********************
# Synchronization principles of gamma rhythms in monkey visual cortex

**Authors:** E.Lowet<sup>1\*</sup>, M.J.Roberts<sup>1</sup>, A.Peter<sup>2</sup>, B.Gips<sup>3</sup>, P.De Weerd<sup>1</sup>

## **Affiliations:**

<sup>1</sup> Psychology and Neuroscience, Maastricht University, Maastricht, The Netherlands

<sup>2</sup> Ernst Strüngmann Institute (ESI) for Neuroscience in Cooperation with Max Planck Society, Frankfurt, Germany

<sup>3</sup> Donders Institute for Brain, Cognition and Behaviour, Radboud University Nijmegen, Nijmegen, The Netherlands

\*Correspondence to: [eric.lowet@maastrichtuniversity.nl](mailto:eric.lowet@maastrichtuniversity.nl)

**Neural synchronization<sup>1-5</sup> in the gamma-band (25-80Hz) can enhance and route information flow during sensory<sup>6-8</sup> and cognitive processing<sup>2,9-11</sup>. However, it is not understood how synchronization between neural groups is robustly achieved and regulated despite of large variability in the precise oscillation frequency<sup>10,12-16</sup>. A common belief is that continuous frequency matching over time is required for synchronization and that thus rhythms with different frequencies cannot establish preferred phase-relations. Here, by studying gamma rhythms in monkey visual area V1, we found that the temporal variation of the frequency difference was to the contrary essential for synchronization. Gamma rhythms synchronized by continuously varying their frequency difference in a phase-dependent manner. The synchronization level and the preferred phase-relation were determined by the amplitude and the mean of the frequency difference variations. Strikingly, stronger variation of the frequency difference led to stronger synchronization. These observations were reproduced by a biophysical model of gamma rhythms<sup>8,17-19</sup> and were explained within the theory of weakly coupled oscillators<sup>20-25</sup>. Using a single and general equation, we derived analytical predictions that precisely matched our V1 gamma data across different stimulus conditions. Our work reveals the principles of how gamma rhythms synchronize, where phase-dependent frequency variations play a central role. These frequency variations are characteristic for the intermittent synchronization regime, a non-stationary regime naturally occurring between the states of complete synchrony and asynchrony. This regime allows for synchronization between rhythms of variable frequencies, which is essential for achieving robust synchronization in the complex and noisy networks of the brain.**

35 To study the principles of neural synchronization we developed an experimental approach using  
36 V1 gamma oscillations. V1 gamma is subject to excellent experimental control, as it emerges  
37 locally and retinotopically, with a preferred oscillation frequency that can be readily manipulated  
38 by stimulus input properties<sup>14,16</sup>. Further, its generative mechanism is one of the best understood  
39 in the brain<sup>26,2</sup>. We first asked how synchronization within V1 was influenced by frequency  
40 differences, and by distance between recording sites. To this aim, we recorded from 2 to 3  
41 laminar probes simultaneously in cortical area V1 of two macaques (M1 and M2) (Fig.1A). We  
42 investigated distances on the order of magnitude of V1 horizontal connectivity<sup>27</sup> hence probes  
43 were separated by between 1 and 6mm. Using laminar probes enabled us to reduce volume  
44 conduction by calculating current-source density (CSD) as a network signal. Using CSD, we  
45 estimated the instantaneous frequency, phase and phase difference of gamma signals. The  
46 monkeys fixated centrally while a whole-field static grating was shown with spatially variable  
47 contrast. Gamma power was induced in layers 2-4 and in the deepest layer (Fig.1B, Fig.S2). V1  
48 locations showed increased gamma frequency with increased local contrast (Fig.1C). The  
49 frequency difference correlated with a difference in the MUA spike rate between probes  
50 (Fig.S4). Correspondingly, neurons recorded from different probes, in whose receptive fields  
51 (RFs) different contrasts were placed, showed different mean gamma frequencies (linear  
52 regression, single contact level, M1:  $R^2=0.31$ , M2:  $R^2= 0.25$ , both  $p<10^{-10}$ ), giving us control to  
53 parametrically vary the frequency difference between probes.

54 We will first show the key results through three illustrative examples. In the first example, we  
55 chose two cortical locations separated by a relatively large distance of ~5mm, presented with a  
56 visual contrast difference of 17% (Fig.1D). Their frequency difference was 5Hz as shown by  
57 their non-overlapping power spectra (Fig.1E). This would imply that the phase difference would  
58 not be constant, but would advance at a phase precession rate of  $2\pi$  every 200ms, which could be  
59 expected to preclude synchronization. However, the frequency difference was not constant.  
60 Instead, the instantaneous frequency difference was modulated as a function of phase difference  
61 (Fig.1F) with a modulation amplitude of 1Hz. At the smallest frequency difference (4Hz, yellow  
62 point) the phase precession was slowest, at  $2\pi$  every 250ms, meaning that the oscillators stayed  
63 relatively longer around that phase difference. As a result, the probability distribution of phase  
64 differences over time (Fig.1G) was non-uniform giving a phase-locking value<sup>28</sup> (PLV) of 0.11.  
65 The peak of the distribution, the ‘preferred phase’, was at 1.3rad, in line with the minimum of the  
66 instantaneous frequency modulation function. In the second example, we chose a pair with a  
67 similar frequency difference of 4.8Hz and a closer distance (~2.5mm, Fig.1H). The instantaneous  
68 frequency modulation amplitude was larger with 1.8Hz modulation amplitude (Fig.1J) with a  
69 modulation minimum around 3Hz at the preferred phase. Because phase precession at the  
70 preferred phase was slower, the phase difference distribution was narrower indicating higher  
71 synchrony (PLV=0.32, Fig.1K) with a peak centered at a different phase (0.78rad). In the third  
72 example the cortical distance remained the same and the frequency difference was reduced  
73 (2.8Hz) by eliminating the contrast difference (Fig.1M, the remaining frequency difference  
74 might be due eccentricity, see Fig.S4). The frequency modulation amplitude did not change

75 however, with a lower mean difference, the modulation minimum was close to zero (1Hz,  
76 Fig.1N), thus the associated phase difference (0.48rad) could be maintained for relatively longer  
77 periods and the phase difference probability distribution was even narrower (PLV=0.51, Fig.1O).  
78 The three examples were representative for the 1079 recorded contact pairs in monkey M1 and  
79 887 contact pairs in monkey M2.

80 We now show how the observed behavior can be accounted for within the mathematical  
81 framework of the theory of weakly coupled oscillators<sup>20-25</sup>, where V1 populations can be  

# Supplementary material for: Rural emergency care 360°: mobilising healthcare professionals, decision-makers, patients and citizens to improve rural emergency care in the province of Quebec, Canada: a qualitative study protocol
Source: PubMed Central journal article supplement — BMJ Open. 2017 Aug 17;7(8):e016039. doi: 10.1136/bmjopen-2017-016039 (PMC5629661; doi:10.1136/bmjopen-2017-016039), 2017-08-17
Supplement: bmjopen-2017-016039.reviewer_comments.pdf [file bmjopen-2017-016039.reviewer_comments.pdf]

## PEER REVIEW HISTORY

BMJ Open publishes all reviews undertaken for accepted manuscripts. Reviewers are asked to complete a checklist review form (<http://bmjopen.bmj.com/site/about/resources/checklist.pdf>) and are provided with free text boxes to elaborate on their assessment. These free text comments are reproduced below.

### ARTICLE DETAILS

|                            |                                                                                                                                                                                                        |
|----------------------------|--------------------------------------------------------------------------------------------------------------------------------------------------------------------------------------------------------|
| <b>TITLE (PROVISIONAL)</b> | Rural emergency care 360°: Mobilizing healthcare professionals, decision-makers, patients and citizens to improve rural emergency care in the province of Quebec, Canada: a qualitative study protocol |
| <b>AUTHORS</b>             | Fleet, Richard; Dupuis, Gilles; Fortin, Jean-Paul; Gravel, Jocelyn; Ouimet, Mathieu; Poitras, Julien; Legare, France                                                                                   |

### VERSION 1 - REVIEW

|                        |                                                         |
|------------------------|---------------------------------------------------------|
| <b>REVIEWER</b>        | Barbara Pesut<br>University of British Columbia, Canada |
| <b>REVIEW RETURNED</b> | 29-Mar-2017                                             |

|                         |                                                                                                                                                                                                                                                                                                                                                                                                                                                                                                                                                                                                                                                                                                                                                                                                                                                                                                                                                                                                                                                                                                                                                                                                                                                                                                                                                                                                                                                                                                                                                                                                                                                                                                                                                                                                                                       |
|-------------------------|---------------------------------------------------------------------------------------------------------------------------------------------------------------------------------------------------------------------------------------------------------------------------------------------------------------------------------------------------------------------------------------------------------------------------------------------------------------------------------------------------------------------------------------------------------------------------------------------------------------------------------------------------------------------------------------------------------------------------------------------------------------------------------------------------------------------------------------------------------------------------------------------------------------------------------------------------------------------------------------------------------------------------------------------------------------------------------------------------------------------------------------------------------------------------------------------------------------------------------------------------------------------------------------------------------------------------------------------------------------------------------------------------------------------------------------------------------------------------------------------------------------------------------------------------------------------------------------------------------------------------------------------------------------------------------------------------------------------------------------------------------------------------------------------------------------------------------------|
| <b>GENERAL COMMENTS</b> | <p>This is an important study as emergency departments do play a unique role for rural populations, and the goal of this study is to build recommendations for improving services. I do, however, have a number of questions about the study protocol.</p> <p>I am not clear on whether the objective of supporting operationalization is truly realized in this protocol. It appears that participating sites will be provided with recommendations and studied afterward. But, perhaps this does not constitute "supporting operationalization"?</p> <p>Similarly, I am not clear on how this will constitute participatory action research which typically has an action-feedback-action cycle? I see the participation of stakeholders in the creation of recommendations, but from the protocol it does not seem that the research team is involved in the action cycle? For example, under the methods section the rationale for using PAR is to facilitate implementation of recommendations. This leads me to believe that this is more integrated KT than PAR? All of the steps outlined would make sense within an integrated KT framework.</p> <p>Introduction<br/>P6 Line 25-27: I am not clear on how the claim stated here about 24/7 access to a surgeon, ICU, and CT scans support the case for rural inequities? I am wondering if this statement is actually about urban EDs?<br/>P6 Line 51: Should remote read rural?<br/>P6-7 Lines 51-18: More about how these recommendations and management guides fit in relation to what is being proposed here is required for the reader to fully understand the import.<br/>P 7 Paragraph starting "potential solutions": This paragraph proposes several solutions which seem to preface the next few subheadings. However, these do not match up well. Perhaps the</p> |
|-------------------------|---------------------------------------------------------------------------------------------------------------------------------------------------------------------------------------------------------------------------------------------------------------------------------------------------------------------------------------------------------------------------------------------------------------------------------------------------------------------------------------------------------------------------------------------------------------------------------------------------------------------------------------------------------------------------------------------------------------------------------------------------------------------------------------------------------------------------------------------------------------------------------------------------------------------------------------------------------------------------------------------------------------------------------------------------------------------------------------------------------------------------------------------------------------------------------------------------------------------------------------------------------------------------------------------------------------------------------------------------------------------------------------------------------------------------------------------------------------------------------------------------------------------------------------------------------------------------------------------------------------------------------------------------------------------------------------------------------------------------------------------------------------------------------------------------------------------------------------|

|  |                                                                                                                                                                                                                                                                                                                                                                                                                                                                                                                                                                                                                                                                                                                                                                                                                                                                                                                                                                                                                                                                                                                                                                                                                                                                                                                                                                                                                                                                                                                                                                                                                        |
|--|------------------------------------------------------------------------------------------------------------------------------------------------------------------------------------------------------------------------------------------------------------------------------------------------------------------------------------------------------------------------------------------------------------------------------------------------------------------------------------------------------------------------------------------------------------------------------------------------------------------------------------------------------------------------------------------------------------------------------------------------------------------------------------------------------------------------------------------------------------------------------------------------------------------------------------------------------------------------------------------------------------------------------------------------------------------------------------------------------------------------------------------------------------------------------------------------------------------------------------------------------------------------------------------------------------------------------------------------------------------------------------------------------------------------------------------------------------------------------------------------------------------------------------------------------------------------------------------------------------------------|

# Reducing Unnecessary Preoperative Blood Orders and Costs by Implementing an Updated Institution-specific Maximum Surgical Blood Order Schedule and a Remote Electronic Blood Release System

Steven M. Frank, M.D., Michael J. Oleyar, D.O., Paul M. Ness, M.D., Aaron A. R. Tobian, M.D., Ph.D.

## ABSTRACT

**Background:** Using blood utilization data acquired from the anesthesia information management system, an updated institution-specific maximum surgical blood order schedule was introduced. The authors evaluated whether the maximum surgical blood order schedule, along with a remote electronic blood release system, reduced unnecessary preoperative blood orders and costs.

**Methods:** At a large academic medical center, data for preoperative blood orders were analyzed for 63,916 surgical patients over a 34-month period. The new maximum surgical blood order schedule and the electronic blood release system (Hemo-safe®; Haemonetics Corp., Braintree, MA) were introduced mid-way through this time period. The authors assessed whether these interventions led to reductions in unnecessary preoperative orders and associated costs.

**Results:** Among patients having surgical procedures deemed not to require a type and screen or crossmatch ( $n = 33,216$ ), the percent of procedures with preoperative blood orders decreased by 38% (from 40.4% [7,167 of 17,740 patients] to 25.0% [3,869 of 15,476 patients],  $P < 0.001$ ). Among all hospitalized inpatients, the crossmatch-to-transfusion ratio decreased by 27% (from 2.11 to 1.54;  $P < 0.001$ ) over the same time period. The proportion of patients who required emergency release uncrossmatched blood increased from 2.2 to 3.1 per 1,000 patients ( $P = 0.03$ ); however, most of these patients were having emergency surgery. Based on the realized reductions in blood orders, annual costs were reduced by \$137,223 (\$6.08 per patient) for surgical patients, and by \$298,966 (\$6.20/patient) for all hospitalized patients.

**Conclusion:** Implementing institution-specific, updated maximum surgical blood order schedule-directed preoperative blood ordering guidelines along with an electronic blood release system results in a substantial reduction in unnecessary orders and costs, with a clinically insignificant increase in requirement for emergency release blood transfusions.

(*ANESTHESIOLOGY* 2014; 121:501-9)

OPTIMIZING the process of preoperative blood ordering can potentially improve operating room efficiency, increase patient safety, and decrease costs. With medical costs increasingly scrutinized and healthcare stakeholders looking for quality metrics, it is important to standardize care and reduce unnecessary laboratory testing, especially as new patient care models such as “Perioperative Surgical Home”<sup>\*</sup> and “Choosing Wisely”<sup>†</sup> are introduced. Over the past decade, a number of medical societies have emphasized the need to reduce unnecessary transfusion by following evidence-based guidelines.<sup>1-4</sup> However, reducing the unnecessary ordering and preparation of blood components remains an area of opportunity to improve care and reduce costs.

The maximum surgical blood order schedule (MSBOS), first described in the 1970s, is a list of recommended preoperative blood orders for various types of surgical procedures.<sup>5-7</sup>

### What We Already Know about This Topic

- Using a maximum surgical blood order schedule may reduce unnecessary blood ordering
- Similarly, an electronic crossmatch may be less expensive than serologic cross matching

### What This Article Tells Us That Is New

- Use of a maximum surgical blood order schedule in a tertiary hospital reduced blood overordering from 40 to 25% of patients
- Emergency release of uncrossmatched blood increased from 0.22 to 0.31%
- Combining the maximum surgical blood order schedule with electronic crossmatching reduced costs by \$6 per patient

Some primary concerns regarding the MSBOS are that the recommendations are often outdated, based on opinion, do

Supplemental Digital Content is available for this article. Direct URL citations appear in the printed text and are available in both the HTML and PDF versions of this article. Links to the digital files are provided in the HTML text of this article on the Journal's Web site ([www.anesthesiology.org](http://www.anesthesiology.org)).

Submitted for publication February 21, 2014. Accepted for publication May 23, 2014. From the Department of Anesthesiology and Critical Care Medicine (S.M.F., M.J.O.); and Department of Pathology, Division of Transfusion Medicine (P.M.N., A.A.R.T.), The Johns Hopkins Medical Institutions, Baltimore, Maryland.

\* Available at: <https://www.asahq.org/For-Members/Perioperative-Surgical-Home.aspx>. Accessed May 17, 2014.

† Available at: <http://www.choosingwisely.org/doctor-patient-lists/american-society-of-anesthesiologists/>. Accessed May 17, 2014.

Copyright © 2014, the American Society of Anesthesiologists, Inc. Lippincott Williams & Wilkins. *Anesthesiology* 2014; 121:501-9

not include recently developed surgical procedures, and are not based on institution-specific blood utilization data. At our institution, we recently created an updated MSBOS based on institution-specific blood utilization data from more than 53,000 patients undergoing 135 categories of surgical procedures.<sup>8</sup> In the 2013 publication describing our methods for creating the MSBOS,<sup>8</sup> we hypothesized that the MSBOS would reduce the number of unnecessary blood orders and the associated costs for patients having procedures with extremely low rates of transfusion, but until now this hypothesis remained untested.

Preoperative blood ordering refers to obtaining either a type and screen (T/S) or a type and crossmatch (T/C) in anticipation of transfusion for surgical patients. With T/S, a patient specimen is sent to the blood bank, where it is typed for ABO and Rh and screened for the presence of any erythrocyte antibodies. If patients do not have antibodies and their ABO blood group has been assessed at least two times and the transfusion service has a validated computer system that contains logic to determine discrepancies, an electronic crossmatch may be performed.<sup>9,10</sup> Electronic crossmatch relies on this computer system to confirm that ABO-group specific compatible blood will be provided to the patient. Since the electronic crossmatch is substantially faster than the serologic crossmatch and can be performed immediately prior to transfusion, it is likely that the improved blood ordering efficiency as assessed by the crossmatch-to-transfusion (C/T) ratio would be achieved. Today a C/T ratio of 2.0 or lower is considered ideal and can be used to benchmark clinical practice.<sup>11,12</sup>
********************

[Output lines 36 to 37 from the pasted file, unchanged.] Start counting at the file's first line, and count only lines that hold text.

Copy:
62 point) the phase precession was slowest, at  $2\pi$  every 250ms, meaning that the oscillators stayed  
63 relatively longer around that phase difference. As a result, the probability distribution of phase  